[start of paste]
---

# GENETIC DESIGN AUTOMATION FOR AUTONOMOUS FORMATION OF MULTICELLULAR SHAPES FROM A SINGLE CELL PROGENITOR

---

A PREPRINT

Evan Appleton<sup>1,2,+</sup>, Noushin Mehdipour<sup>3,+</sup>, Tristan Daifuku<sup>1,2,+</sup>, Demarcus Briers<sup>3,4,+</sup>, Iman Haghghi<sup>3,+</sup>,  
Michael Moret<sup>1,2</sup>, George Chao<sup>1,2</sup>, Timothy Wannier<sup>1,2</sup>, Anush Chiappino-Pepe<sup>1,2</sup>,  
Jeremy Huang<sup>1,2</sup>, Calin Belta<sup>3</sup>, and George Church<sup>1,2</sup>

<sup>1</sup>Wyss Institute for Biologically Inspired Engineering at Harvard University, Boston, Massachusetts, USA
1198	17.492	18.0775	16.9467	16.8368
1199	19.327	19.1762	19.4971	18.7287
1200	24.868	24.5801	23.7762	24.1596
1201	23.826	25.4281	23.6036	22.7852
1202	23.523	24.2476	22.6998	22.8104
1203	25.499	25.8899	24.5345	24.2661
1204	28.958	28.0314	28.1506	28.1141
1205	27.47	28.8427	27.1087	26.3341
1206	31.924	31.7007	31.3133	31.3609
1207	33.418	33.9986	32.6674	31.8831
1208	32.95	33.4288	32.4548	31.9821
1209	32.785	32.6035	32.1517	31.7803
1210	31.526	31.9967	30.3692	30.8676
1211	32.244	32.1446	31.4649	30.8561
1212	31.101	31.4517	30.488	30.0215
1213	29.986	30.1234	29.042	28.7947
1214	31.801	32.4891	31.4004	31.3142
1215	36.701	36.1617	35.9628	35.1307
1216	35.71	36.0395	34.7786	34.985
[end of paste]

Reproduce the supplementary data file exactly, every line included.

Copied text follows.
---

# GENETIC DESIGN AUTOMATION FOR AUTONOMOUS FORMATION OF MULTICELLULAR SHAPES FROM A SINGLE CELL PROGENITOR

---

A PREPRINT

Evan Appleton<sup>1,2,+</sup>, Noushin Mehdipour<sup>3,+</sup>, Tristan Daifuku<sup>1,2,+</sup>, Demarcus Briers<sup>3,4,+</sup>, Iman Haghghi<sup>3,+</sup>,  
Michael Moret<sup>1,2</sup>, George Chao<sup>1,2</sup>, Timothy Wannier<sup>1,2</sup>, Anush Chiappino-Pepe<sup>1,2</sup>,  
Jeremy Huang<sup>1,2</sup>, Calin Belta<sup>3</sup>, and George Church<sup>1,2</sup>

<sup>1</sup>Wyss Institute for Biologically Inspired Engineering at Harvard University, Boston, Massachusetts, USA
1198	17.492	18.0775	16.9467	16.8368
1199	19.327	19.1762	19.4971	18.7287
1200	24.868	24.5801	23.7762	24.1596
1201	23.826	25.4281	23.6036	22.7852
1202	23.523	24.2476	22.6998	22.8104
1203	25.499	25.8899	24.5345	24.2661
1204	28.958	28.0314	28.1506	28.1141
1205	27.47	28.8427	27.1087	26.3341
1206	31.924	31.7007	31.3133	31.3609
1207	33.418	33.9986	32.6674	31.8831
1208	32.95	33.4288	32.4548	31.9821
1209	32.785	32.6035	32.1517	31.7803
1210	31.526	31.9967	30.3692	30.8676
1211	32.244	32.1446	31.4649	30.8561
1212	31.101	31.4517	30.488	30.0215
1213	29.986	30.1234	29.042	28.7947
1214	31.801	32.4891	31.4004	31.3142
1215	36.701	36.1617	35.9628	35.1307
1216	35.71	36.0395	34.7786	34.985